4/26/10 - demosthenes

In today's excerpt - Demosthenes (384-322 BC) became one of the most famous orators among the ancient Greeks— in part by learning to give his speeches with a pebble in his mouth and while running and trying to project his voice over the whistling winds and crashing waves of the Athenian seaside:

"A tortuous path had led Demosthenes to the speaker's platform. His boyhood had been lonely. A weakling with a chronic stutter, he made no friends at wrestling practice or hunting parties. His father died when Demosthenes was only seven, and from then on Demosthenes lived at home with his mother and sister. To an outside observer the boy must have appeared starved for companionship. But he had one constant friend, a familiar spirit from the past: Thucydides. The historian had been dead for some three decades, but his stirring voice lived on. Thucydides' account of the Peloponnesian War fired Demosthenes' imagination with tales of perilous adventures and epic battles. Unrolling his copy, he was transported back to an age when Athens blazed with glory, its navy seemingly indomitable and its leaders larger than life. Demosthenes read the whole book eight times and knew parts of it by heart.

"Demosthenes' father had left him an inheritance worth fourteen talents [a talent was worth very roughly 11,700 troy ounces in silver or $150,000], some of it tied up in a factory that manufactured swords. He therefore expected to be financially independent when he turned eighteen, an event that took place five years after Athens made its final peace with Sparta. But it proved a painful coming of age. The three guardians appointed in his father's will had stolen or squandered most of his inheritance. Of the fourteen talents in money and property left to Demosthenes, only a little over one talent remained. To rub salt in the wound, the embezzlers had concealed their depletion of the estate by enrolling young Demosthenes in the highest bracket for taxes and liturgics. At the age of seventeen he was already listed among the trierarchs [those wealthy enough to be required to fund the military trireme warships] and had made partial payment for the outfitting of a trireme. Two of the guardians were his own cousins, but Demosthenes filed a lawsuit against them, family or no.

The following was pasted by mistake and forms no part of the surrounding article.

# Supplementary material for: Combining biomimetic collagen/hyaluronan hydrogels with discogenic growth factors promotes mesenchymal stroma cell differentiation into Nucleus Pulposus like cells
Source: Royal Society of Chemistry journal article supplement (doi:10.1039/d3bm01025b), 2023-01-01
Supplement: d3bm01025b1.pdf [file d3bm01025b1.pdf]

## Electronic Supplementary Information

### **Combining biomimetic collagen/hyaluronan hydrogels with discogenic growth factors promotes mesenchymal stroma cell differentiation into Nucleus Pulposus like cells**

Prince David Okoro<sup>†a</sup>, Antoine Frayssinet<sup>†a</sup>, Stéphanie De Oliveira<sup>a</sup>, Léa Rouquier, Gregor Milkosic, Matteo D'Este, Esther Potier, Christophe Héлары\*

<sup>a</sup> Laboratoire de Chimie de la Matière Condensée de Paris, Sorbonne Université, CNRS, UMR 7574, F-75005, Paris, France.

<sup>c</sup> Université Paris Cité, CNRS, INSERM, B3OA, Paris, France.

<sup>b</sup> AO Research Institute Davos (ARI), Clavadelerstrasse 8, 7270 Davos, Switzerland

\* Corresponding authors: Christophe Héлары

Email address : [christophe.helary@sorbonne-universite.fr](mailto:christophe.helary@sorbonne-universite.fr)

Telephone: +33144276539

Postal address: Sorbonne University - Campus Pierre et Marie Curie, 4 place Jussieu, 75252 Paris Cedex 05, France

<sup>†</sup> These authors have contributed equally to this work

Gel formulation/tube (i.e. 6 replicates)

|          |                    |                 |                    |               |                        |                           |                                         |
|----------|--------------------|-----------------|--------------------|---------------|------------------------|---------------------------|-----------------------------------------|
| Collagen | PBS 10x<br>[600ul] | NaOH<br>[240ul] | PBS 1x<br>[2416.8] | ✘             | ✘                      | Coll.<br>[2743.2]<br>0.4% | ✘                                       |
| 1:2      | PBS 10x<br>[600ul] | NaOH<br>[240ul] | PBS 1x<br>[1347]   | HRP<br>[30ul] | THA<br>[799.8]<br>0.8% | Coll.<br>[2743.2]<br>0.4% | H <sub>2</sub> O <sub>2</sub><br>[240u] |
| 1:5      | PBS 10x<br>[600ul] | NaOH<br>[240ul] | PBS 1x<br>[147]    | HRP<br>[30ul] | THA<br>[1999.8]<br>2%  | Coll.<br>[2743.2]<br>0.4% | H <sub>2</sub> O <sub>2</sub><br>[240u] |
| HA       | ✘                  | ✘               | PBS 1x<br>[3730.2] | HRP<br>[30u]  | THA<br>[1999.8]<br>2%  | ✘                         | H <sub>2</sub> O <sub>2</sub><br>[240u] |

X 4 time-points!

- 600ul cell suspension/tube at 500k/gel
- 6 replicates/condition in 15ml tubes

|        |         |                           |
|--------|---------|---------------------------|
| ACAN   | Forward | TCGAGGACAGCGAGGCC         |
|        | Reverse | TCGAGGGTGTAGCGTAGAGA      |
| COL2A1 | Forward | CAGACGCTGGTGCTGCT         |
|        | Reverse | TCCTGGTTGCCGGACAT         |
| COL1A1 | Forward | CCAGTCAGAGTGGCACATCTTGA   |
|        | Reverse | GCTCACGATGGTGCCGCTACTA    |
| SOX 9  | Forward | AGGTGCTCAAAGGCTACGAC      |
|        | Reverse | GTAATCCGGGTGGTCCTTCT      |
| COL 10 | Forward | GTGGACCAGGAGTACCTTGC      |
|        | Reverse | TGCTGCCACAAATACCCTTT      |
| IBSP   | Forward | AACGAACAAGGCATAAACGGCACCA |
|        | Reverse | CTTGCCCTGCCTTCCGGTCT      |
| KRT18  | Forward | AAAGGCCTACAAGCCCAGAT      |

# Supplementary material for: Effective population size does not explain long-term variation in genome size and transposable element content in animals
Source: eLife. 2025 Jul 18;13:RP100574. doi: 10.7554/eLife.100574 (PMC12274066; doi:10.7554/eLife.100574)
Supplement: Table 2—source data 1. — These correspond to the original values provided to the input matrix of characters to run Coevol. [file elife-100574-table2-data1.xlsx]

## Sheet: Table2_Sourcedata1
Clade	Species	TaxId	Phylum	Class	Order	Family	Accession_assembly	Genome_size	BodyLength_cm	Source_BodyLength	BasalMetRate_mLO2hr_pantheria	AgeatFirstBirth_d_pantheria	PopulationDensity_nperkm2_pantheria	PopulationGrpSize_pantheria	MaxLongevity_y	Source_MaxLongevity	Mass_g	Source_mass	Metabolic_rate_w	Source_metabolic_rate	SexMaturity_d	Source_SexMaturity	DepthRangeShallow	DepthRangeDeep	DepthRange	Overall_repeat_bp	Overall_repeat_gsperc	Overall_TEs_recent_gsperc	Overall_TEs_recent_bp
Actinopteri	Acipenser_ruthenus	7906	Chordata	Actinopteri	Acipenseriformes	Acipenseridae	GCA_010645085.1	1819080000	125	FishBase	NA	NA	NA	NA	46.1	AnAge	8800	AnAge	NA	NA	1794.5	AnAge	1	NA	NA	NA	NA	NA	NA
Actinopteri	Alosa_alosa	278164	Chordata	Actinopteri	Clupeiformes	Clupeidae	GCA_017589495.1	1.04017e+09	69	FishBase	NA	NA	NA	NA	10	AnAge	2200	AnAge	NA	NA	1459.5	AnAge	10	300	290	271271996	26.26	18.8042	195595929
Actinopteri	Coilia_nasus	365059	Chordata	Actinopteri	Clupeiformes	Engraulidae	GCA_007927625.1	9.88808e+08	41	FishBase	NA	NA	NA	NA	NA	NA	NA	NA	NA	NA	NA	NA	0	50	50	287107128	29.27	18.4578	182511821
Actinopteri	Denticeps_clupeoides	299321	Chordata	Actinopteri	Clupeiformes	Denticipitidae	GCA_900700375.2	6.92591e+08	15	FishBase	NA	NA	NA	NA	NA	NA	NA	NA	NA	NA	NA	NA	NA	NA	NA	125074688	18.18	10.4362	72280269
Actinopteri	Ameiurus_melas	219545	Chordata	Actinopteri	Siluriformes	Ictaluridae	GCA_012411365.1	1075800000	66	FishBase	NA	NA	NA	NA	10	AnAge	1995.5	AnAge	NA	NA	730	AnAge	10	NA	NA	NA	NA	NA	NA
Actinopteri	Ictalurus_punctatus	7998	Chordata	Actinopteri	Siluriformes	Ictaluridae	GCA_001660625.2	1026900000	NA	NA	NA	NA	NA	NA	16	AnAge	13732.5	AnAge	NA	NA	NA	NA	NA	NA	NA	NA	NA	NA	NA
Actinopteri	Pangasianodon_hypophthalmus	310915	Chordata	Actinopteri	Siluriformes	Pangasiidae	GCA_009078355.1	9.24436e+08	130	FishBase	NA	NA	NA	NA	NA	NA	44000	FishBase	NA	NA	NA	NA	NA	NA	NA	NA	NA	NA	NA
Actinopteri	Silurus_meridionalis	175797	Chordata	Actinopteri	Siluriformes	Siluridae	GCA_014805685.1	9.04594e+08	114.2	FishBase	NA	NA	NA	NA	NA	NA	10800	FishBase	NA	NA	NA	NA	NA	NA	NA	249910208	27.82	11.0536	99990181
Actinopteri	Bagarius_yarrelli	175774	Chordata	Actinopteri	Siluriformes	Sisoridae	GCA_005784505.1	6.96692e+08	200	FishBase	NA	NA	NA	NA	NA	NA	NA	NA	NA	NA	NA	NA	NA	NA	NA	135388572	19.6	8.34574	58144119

"Two years passed before the case came to trial, and during that time Demosthenes prepared tirelessly for his day in court. Athenian juries expected citizens to speak for themselves, even if professional speechwriters had been hired to compose the speeches. Demosthenes, intensely self-critical, knew that he made a poor impression. He could do nothing about his wretched physique or habitual scowl, but he learned by listening to actors and orators that he could at least train and strengthen his voice. He began to make solitary excursions to a deserted beach and strained to make himself heard through the whistling wind and crashing waves. To overcome his speech impediment, Demosthenes would put a pebble in his mouth and work his tongue around the stone while still trying to pronounce words clearly. Away from the beach, he declaimed speeches while walking or running up steep hillsides. Skinny legs working, narrow chest heaving, his delivery eventually became smooth even as he almost gasped for breath. Demosthenes had inherited a true Athenian's competitive nature, but he turned it not toward wrestling or running but toward public speaking. [His inherited fortune proved unrecoverable, but he made a second fortune through his powerful oratory.]"


John R. Hale


Lords of the Sea: The Epic Story of the Athenian Navy and the Birth of Democracy




Copyright 2009 by John R. Hale


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